Jason Brough

Montreal Canadiens' P.K. Subban passes the puck during the second period of an NHL hockey game against the St. Louis Blues, Tuesday, Feb. 24, 2015, in St. Louis. (AP Photo/Billy Hurst)

Subban has competition to make Team Canada


P.K. Subban believes he can be trusted.

He believes he’s proven his worth.

He believes he deserves to be on Team Canada at the World Cup.

“I’m going to trust in what I’ve done in this league and what I’ve accomplished over the past two seasons to do the talking for me,” Subban told reporters yesterday, hours before his name became the most notable omission from Canada’s first 16.

“For me, I feel that in any situation I’ve ever been put in I’ve always found a way to help my team.”

But Subban will have competition to make the cut. Drew Doughty and Shea Weber have already made it on the right side, with Duncan Keith and Marc-Edouard Vlasic on the left.

Canada will name three more defensemen by June 1. Assuming at least one of those three will be another lefty, that leaves a maximum two spots on the right side, and maybe just one.

So, will Blackhawks coach Joel Quenneville, in charge of the defense for Canada, push for Brent Seabrook?

What about Blues defenseman Alex Pietrangelo? Like Subban, he was on Canada’s gold-medal-winning Olympic roster in Sochi. And Canada’s GM, Doug Armstrong, is also the Blues’ GM.

Flames defenseman T.J. Brodie may shoot left, but he plays the right side on a pairing with Mark Giordano. Both those guys are “in the mix,” according to Armstrong.

Want another? Armstrong mentioned San Jose’s Brent Burns as a potential candidate.

In addition to all that competition, if there’s another challenge for Subban’s candidacy, it may be his reputation for taking unnecessary risks. That, of course, was an issue that flared up recently in Montreal.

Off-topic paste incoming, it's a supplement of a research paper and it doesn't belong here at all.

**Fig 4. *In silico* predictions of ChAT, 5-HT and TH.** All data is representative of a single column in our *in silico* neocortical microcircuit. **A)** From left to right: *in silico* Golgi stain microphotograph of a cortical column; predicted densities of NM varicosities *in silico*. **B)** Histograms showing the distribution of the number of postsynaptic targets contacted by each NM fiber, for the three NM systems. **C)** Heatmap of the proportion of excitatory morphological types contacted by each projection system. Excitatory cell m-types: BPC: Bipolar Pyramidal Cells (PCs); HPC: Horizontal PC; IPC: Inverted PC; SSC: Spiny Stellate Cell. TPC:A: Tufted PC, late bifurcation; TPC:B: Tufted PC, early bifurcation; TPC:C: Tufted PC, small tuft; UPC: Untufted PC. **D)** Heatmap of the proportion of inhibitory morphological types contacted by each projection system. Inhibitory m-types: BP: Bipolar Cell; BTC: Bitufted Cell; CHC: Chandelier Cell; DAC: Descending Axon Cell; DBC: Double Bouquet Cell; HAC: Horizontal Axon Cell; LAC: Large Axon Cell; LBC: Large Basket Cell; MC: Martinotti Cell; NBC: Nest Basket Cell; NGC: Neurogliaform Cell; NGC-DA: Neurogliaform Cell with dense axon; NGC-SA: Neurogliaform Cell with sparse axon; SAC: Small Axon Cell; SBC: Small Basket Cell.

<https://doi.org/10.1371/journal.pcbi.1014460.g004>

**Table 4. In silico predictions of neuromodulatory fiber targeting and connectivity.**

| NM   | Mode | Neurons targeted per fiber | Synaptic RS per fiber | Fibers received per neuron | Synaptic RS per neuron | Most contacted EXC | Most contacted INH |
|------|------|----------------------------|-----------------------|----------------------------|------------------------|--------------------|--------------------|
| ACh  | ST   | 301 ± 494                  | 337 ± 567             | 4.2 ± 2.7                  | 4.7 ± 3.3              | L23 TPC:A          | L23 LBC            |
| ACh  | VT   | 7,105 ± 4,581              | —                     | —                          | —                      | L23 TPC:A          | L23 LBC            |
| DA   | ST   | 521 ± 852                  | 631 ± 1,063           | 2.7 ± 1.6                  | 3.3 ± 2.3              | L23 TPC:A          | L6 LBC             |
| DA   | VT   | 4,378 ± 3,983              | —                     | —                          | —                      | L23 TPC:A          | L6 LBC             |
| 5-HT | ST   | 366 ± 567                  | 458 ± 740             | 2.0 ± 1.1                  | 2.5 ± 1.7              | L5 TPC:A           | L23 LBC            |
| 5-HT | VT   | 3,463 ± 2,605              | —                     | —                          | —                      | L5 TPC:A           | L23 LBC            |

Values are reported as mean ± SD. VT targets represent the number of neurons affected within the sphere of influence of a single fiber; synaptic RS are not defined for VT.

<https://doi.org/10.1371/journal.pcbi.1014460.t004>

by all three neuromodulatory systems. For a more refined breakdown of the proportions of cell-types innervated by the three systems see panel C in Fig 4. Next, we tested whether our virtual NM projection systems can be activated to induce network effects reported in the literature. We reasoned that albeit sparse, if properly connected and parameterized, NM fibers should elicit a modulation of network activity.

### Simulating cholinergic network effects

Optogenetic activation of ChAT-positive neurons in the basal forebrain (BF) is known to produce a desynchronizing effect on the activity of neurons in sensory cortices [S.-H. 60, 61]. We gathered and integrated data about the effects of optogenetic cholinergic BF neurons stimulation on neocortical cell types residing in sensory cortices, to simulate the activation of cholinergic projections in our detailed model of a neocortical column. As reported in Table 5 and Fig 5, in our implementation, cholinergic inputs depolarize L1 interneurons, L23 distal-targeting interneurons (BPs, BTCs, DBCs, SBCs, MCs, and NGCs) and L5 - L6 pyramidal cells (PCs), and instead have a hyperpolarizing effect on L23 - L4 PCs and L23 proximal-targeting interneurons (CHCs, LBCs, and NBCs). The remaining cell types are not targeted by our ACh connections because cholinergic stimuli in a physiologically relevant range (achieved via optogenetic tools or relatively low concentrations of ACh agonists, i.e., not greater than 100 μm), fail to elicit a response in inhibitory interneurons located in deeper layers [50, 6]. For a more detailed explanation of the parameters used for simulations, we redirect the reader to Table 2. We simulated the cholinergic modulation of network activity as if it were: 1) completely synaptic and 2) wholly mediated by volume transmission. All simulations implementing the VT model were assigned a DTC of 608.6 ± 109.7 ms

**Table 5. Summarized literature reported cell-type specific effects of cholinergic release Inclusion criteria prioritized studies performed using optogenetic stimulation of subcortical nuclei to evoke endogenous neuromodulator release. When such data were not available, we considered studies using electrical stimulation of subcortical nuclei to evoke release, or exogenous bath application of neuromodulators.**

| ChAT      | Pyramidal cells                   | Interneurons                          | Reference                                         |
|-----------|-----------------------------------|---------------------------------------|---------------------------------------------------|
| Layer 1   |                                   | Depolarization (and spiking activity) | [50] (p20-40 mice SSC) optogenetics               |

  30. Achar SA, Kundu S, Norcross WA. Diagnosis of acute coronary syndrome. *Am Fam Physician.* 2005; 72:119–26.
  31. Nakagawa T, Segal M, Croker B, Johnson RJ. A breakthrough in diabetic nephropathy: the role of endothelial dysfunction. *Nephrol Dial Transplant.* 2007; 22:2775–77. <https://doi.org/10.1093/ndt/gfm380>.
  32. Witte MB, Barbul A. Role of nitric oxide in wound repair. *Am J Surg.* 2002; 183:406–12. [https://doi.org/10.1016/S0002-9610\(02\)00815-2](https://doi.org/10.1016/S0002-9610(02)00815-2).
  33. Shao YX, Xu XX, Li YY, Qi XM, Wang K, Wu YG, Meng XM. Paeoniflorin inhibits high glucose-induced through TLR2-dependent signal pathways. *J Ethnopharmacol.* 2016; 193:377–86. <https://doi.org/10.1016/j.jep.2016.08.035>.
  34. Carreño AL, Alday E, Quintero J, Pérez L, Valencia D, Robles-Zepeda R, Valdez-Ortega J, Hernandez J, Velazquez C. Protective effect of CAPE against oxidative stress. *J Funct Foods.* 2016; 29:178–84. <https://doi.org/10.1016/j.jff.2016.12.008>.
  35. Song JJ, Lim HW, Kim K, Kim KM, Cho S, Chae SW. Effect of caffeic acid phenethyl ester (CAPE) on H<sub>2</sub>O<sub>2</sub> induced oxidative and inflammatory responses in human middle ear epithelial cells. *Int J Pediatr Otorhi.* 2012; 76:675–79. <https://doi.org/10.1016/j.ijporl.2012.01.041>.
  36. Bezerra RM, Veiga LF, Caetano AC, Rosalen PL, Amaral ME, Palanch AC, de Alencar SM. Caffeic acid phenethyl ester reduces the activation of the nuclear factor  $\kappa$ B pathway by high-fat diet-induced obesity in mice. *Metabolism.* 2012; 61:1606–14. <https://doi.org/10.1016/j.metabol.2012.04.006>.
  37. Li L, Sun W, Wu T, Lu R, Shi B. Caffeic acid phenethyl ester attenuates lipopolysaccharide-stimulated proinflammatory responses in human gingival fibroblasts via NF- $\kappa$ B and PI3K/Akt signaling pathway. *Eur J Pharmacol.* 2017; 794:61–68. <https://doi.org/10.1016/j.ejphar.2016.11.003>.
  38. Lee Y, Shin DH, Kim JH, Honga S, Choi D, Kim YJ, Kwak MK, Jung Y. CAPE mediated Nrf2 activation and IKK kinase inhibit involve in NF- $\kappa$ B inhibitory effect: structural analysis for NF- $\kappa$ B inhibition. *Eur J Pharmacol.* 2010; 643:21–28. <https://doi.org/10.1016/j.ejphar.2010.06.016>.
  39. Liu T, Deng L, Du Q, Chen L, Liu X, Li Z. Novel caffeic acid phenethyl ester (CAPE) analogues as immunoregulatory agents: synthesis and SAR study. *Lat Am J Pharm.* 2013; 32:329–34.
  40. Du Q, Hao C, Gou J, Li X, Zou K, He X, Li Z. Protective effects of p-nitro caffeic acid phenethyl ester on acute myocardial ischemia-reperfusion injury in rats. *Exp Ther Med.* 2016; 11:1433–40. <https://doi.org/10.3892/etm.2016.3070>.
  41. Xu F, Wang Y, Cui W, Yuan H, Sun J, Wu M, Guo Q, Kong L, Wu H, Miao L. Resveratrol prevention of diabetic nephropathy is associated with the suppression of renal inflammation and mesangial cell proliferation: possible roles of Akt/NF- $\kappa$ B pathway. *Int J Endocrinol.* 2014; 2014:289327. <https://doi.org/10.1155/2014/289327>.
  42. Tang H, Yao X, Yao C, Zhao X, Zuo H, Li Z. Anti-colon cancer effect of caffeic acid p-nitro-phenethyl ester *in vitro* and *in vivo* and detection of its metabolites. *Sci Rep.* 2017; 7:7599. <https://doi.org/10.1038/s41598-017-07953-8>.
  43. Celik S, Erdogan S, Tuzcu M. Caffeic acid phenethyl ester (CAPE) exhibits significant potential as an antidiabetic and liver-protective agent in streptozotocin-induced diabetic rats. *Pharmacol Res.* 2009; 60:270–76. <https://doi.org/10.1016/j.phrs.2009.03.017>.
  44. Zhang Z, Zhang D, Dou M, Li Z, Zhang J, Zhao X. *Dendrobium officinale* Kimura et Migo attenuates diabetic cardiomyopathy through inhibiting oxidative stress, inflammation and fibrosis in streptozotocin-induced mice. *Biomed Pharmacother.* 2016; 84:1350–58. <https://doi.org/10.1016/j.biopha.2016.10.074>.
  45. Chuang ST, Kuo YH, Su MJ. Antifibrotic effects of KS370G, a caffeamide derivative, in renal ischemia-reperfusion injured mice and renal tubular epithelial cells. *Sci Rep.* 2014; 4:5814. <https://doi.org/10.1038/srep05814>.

“What I know about [Mike Babcock] from the Olympics is he likes predictability,” Armstrong told reporters. “He likes to know that he can play a player in any situation.”

Subban didn’t play much in Sochi under Babcock. In fact, he only dressed for one game, against Austria. He sat for all the big games.

And remember, Subban was the reigning Norris Trophy winner at the time.

“I’ve just tried to be the best payer that I can be over the last six years and definitely since the last Olympics,” Subban said.

“I definitely hope that I deserve to be on the team, but I don’t get to pick it.”

All of a sudden Petr Mrazek isn’t so unbeatable


Petr Mrazek wasn’t the reason the Red Wings lost to Chicago last night at Joe Louis Arena. Nobody’s blaming him. Just to be clear.

Of the five goals Mrazek allowed, Detroit coach Jeff Blashill “didn’t think there was much he could do” on four of them, the exception being the first one, and that was off a pretty big blast by Brent Seabrook.

Still, that hasn’t stopped people from noticing that Mrazek — not long ago one of the hottest goalies in the NHL — has cooled off. Specifically, he’s allowed 23 goals in his last seven appearances, with a save percentage of just .880 over that stretch.

“To me, it’s just the natural ebb and flow of the season,” Blashill told reporters. “You’re going to have some stretches like he had during January on the road there and you’re going to have some stretches like recently.”

Blashill will be hoping that Mrazek can ebb or flow back the other way, and soon, because the Red Wings — with just four wins in their last 10 — are still not guaranteed to make the playoffs. As it stands, there’s an outside chance they could be run down by a team like the Flyers for a wild-card spot.

It’s also worth noting that Jimmy Howard has played extremely well in his last two starts, allowing just three goals on 71 shots. During one of those starts, Mrazek sat with a “tender groin.”

The Wings don’t play again until Sunday what they face the Blackhawks in Chicago.

Related: At season’s end, Holland will ‘plot a plan’ to deal with Red Wings’ goalie situation

McDavid, Eichel headline ultra-talented Team North America


Love the idea or hate it, the majority of hockey fans are at least intrigued by the idea of a 23-and-under team competing in the World Cup.

And for those who insist they aren’t curious whatsoever, well, you must have just clicked on this post by mistake.

Just a reminder that Team North America is comprised of players from Canada or the United States who were born on or after Oct. 2, 1992, and those players are only eligible to play for Team North America.

The following are the first 16 players that GM Peter Chiarelli and his associate, Stan Bowman, came up with:

G John Gibson, Anaheim Ducks
G Connor Hellebuyck, Winnipeg Jets
G Matt Murray, Pittsburgh Penguins

D Aaron Ekblad, Florida Panthers
D Seth Jones, Columbus Blue Jackets
D Ryan Murray, Columbus Blue Jackets
D Morgan Rielly, Toronto Maple Leafs

F Sean Couturier, Philadelphia Flyers